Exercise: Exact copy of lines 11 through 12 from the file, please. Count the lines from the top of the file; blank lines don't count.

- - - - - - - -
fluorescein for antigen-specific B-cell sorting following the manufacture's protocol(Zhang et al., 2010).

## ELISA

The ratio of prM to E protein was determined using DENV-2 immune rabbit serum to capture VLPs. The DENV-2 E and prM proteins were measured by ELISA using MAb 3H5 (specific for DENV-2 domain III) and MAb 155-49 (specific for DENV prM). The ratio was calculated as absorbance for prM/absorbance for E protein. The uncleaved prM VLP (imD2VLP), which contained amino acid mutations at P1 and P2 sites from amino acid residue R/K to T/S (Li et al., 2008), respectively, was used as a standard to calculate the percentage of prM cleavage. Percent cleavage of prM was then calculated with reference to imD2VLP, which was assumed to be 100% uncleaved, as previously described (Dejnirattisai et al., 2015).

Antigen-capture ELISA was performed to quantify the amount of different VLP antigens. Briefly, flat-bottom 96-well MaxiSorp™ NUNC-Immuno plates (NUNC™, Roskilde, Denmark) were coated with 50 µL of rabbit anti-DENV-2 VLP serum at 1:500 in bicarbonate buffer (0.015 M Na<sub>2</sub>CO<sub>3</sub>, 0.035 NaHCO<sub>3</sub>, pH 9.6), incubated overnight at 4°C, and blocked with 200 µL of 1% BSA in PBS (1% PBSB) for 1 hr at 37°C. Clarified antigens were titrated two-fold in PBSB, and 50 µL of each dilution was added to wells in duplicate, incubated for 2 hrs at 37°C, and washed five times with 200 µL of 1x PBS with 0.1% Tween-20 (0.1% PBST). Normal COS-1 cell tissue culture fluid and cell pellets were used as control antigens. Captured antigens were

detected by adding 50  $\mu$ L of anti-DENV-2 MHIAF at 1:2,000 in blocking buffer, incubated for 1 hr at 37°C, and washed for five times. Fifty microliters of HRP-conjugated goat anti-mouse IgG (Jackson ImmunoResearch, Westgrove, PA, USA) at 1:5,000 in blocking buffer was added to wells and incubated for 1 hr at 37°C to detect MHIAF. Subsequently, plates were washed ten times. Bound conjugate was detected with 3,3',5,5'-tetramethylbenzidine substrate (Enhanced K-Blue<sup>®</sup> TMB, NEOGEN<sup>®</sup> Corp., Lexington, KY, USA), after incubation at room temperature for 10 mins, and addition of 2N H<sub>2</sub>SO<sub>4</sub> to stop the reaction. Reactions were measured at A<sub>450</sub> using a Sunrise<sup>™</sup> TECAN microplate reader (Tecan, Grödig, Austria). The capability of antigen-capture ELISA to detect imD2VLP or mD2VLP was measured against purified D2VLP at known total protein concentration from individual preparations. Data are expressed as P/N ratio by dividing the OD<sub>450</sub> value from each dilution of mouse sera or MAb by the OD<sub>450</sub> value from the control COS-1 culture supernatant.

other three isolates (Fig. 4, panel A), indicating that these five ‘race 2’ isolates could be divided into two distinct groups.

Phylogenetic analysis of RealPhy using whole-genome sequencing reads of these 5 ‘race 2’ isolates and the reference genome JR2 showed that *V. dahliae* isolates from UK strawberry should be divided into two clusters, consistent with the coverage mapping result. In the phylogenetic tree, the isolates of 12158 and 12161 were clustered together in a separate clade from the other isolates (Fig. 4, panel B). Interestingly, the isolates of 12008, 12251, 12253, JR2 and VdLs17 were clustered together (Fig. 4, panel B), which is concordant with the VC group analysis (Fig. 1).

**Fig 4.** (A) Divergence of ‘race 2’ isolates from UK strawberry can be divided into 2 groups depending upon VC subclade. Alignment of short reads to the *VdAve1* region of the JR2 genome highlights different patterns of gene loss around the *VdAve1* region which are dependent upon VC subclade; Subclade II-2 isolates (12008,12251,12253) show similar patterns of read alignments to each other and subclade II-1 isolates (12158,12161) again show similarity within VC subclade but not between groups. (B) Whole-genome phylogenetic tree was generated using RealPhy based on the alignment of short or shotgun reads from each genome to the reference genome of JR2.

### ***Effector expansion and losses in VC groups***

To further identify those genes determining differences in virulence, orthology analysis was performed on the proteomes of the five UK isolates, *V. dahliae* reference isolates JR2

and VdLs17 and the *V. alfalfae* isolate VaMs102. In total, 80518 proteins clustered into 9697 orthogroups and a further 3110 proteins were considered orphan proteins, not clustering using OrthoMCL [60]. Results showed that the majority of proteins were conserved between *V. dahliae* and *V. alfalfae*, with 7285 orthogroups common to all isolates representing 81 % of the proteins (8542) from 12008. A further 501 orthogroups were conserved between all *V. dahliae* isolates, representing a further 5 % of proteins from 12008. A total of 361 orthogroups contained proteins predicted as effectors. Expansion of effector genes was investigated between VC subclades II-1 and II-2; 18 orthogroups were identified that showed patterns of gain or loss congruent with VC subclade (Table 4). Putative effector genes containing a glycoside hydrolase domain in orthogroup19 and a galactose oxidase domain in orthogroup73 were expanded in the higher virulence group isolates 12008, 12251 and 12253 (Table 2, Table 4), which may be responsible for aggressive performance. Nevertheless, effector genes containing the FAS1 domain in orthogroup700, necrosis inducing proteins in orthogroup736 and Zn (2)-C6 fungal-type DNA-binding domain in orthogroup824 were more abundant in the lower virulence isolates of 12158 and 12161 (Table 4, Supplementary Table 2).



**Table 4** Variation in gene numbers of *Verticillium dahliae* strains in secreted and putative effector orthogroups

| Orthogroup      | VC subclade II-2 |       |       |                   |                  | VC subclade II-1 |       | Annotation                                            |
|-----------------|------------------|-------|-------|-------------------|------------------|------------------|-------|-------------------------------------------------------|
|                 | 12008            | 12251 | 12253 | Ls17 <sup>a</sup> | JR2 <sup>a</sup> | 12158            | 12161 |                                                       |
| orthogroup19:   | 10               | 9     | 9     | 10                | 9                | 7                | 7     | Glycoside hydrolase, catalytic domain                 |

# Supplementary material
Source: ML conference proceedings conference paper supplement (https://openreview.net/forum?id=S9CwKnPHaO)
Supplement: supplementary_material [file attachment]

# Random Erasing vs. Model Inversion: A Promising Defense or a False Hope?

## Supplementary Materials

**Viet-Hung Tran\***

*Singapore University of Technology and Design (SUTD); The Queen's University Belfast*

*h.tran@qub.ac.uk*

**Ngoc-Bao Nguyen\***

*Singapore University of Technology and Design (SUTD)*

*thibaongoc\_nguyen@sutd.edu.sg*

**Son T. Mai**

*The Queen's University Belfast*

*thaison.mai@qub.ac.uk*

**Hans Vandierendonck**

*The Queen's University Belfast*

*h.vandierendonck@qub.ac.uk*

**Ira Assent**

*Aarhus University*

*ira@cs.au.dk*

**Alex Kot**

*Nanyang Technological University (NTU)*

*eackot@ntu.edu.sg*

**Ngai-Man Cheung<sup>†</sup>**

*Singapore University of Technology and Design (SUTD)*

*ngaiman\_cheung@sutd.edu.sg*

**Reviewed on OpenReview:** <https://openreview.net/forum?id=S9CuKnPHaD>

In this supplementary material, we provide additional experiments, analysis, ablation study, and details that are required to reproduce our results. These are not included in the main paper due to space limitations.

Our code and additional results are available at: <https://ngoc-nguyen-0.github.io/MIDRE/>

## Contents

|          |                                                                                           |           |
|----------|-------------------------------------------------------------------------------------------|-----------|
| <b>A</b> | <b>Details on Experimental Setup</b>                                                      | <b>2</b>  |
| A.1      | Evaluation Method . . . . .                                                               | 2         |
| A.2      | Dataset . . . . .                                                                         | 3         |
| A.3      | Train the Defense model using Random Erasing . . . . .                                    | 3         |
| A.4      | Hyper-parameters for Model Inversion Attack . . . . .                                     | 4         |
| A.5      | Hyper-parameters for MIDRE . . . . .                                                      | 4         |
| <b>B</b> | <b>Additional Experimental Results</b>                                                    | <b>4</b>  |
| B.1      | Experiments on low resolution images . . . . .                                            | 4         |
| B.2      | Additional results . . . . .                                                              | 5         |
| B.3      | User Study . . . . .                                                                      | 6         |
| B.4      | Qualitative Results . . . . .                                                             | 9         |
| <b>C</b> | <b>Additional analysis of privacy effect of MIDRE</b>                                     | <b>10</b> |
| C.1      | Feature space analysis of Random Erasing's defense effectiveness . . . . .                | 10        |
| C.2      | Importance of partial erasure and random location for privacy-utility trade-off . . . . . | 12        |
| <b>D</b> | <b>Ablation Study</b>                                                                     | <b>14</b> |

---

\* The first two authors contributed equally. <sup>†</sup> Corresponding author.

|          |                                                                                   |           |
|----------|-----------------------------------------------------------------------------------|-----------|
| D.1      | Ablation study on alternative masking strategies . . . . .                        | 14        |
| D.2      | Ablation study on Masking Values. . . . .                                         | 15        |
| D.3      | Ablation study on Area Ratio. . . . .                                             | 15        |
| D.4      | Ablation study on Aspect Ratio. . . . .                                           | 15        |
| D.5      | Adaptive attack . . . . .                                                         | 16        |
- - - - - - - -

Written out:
and VdLs17 and the *V. alfalfae* isolate VaMs102. In total, 80518 proteins clustered into 9697 orthogroups and a further 3110 proteins were considered orphan proteins, not clustering using OrthoMCL [60]. Results showed that the majority of proteins were conserved between *V. dahliae* and *V. alfalfae*, with 7285 orthogroups common to all isolates representing 81 % of the proteins (8542) from 12008. A further 501 orthogroups were conserved between all *V. dahliae* isolates, representing a further 5 % of proteins from 12008. A total of 361 orthogroups contained proteins predicted as effectors. Expansion of effector genes was investigated between VC subclades II-1 and II-2; 18 orthogroups were identified that showed patterns of gain or loss congruent with VC subclade (Table 4). Putative effector genes containing a glycoside hydrolase domain in orthogroup19 and a galactose oxidase domain in orthogroup73 were expanded in the higher virulence group isolates 12008, 12251 and 12253 (Table 2, Table 4), which may be responsible for aggressive performance. Nevertheless, effector genes containing the FAS1 domain in orthogroup700, necrosis inducing proteins in orthogroup736 and Zn (2)-C6 fungal-type DNA-binding domain in orthogroup824 were more abundant in the lower virulence isolates of 12158 and 12161 (Table 4, Supplementary Table 2).



**Table 4** Variation in gene numbers of *Verticillium dahliae* strains in secreted and putative effector orthogroups